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How To Choose A Scratching Post For Your Cat

October 22, 2012

Let’s face it. Most things that we buy for our cats don’t impress them much. Boxes and old blankets will usually win over fancy beds, and odds are your cat couldn’t care less if you bought him the bright yellow sparkly ball or the brown one.

Photo courtesy malingering

Yet, when it comes to scratching posts, you should definitely take the time to make an educated purchase. Scratching is an essential cat behavior, and if you purchase a post that’s appropriate for your cat, odds are he’ll use that instead of your furniture.

So what should you look for? It helps if you can understand what your cat would choose.

If your cat was out in the wild, odds are he’d scratch on trees, tree stumps, wooden fence posts and the like. Consequently, some cat owners will give their cat a piece of firewood or a scratching post that’s made out of a natural log.

But that’s not the only appropriate option.

Some of the more familiar and popular textures include posts covered in sisal rope or carpet. Sisal is great because it accomplishes the same purpose as wood, and they can also be quite durable. Carpeting is another popular texture, but sometimes cats don’t realize it’s a scratcher if there’s a good deal of similar carpeting in their home.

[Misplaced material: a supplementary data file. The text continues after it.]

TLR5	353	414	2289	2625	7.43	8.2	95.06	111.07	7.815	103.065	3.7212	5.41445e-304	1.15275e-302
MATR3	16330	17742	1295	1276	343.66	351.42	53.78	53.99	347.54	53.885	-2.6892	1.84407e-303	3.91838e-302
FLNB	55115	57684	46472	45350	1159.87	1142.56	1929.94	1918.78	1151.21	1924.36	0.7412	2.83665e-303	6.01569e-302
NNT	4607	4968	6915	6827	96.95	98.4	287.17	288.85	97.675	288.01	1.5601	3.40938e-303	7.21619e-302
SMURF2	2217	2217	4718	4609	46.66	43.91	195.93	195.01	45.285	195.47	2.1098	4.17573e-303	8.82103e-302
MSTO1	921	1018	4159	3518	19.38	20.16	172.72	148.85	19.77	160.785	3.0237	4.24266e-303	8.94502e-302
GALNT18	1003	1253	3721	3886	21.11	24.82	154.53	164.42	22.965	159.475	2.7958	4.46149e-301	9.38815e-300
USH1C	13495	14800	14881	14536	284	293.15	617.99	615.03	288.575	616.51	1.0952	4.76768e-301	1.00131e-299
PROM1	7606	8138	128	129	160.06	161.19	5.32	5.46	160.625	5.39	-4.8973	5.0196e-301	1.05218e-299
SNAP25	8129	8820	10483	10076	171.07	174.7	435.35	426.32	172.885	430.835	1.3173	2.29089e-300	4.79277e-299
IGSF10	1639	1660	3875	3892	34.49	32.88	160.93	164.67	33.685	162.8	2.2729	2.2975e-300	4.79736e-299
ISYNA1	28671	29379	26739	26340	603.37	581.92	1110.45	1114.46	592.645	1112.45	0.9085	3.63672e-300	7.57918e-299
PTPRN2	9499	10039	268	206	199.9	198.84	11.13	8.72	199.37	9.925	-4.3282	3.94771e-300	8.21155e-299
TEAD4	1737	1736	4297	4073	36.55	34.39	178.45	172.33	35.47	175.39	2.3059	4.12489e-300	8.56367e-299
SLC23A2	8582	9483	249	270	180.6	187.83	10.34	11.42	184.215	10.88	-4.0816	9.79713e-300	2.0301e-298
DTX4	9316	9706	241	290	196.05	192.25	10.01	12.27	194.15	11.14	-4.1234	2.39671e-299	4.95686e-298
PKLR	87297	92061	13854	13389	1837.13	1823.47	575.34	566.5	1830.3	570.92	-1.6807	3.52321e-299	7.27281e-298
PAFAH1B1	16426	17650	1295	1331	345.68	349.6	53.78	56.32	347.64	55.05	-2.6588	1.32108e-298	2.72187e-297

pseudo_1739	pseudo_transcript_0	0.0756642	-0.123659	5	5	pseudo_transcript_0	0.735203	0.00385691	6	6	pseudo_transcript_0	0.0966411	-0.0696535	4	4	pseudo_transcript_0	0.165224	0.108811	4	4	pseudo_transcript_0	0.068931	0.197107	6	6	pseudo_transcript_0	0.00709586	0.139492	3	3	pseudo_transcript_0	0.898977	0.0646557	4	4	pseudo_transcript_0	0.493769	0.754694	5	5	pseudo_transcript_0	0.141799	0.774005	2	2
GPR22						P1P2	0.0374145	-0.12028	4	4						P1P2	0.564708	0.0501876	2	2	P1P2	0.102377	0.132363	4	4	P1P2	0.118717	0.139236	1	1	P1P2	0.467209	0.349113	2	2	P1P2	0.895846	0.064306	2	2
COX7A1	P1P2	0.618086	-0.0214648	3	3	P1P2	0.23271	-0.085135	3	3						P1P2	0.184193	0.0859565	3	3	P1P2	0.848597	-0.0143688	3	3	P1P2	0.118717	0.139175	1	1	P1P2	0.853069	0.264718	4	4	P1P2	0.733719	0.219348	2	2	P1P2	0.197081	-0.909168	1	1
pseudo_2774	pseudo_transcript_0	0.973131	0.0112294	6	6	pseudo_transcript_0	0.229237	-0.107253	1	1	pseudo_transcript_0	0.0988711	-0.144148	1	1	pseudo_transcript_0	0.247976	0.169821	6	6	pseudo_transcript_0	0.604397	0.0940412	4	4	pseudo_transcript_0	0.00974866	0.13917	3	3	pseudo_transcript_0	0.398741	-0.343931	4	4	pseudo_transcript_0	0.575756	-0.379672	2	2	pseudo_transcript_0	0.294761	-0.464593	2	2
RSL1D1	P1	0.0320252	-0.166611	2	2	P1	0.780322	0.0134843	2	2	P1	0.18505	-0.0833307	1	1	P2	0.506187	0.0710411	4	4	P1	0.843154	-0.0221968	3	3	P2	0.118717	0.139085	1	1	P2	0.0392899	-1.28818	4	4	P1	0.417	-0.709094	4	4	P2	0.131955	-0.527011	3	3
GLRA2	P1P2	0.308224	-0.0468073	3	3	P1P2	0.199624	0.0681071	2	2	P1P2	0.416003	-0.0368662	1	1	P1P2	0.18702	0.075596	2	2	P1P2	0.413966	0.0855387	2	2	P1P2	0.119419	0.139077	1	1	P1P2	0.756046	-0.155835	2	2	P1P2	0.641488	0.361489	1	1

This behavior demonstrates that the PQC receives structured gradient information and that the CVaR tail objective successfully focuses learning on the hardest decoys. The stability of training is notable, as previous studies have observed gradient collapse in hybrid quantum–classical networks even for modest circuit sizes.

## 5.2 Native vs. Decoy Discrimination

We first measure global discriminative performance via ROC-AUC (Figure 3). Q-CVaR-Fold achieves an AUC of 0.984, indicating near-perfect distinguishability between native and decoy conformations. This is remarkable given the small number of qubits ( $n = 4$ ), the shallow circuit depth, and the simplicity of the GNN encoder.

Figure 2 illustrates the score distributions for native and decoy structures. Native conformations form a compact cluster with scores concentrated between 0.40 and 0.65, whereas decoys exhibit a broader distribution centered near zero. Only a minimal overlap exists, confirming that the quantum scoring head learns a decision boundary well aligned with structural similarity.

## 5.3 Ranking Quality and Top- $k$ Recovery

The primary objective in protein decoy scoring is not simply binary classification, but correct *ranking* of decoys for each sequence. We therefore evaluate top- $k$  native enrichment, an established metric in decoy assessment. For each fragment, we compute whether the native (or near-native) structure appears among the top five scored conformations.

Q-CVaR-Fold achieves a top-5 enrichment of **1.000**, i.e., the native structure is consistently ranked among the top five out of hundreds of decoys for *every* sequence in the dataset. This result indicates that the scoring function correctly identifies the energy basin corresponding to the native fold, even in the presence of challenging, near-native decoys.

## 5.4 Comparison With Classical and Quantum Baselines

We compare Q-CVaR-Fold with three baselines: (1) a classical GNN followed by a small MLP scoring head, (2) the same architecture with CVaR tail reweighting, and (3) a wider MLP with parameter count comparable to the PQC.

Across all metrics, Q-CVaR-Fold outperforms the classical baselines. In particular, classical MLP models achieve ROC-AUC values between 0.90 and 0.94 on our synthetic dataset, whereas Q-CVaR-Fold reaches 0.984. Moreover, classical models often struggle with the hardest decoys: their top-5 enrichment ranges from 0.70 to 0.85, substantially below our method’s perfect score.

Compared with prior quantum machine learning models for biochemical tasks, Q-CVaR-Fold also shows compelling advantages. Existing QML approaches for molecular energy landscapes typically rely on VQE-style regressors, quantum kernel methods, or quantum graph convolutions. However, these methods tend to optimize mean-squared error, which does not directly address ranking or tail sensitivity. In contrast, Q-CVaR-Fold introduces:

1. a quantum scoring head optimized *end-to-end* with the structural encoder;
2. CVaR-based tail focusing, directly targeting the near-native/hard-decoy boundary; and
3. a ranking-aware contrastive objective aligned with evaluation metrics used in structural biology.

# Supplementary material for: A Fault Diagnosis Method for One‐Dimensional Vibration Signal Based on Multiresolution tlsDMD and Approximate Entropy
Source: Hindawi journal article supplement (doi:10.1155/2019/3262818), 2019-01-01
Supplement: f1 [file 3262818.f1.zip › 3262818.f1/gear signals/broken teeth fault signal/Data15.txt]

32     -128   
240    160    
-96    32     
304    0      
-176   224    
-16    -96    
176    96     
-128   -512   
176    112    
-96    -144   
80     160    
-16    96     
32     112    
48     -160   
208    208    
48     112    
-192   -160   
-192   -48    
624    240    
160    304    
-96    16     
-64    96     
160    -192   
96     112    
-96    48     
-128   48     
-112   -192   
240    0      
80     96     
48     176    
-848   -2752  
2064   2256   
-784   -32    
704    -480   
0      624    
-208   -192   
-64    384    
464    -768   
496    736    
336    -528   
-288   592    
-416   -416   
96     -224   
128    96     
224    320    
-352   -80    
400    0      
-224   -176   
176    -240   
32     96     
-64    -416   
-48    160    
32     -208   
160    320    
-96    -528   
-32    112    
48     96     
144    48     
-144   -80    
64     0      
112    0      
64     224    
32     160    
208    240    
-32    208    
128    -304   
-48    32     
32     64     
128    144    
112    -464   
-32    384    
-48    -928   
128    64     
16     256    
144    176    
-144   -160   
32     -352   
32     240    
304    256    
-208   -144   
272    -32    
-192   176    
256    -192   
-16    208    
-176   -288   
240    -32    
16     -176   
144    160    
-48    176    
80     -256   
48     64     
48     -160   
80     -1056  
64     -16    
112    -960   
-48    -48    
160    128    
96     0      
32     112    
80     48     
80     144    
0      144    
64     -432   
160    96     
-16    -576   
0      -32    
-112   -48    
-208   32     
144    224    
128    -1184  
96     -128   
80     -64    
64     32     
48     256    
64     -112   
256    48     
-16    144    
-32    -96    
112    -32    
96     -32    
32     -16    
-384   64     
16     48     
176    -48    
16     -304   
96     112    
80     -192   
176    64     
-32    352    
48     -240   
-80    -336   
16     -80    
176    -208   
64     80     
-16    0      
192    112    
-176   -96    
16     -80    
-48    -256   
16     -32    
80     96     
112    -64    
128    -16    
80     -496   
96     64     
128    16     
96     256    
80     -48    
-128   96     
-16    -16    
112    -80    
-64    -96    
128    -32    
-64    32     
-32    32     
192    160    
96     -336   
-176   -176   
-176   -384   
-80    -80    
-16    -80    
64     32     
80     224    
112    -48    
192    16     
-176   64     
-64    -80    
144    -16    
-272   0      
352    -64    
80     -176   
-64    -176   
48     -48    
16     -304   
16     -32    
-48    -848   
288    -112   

Lastly, a more affordable option is corrugated cardboard. These scratchers usually lie flat on the floor, and they’re a great inexpensive scratcher option. Some even come incorporated into toys.

Photo courtesy Stephanie Booth

Since there are so many options, you may need to experiment a bit to see which your cat likes best. No matter which texture you decide to go with, focus on these two important characteristics:

  • You’ll want a post that’s at least half as tall as your cat when he’s stretching. The taller, the better.
  • The scratching post should be solid; not easily tipped over.

To a cat, these two characteristics may be more important than the material itself. That’s because they both contribute to the overall scratching experience. If the scratcher is too small or short, or if a cat can’t balance or lean against it, he may decide not to use it.

If you have a scratcher that you’re afraid has failed the test, you can try making some modifications to make it more attractive. For example, if the post is wobbly, perhaps you could put it on a larger, sturdier base.

One great suggestion I found was to invest in a piece of cat furniture. Usually these structures (some are carpeted, some are made with “natural” logs) provide areas for your cat to climb and rest on. Their carpeted surface may be enticing for your cat, and since your cat can play and sleep on the structure it reinforces the idea that it’s theirs.

Choosing the proper scratching post can be a bit of work, but to be honest, it’s well worth it for both your cat and your furniture.

Does your cat have a favorite scratching post that he uses? Tell us about it in the comments!

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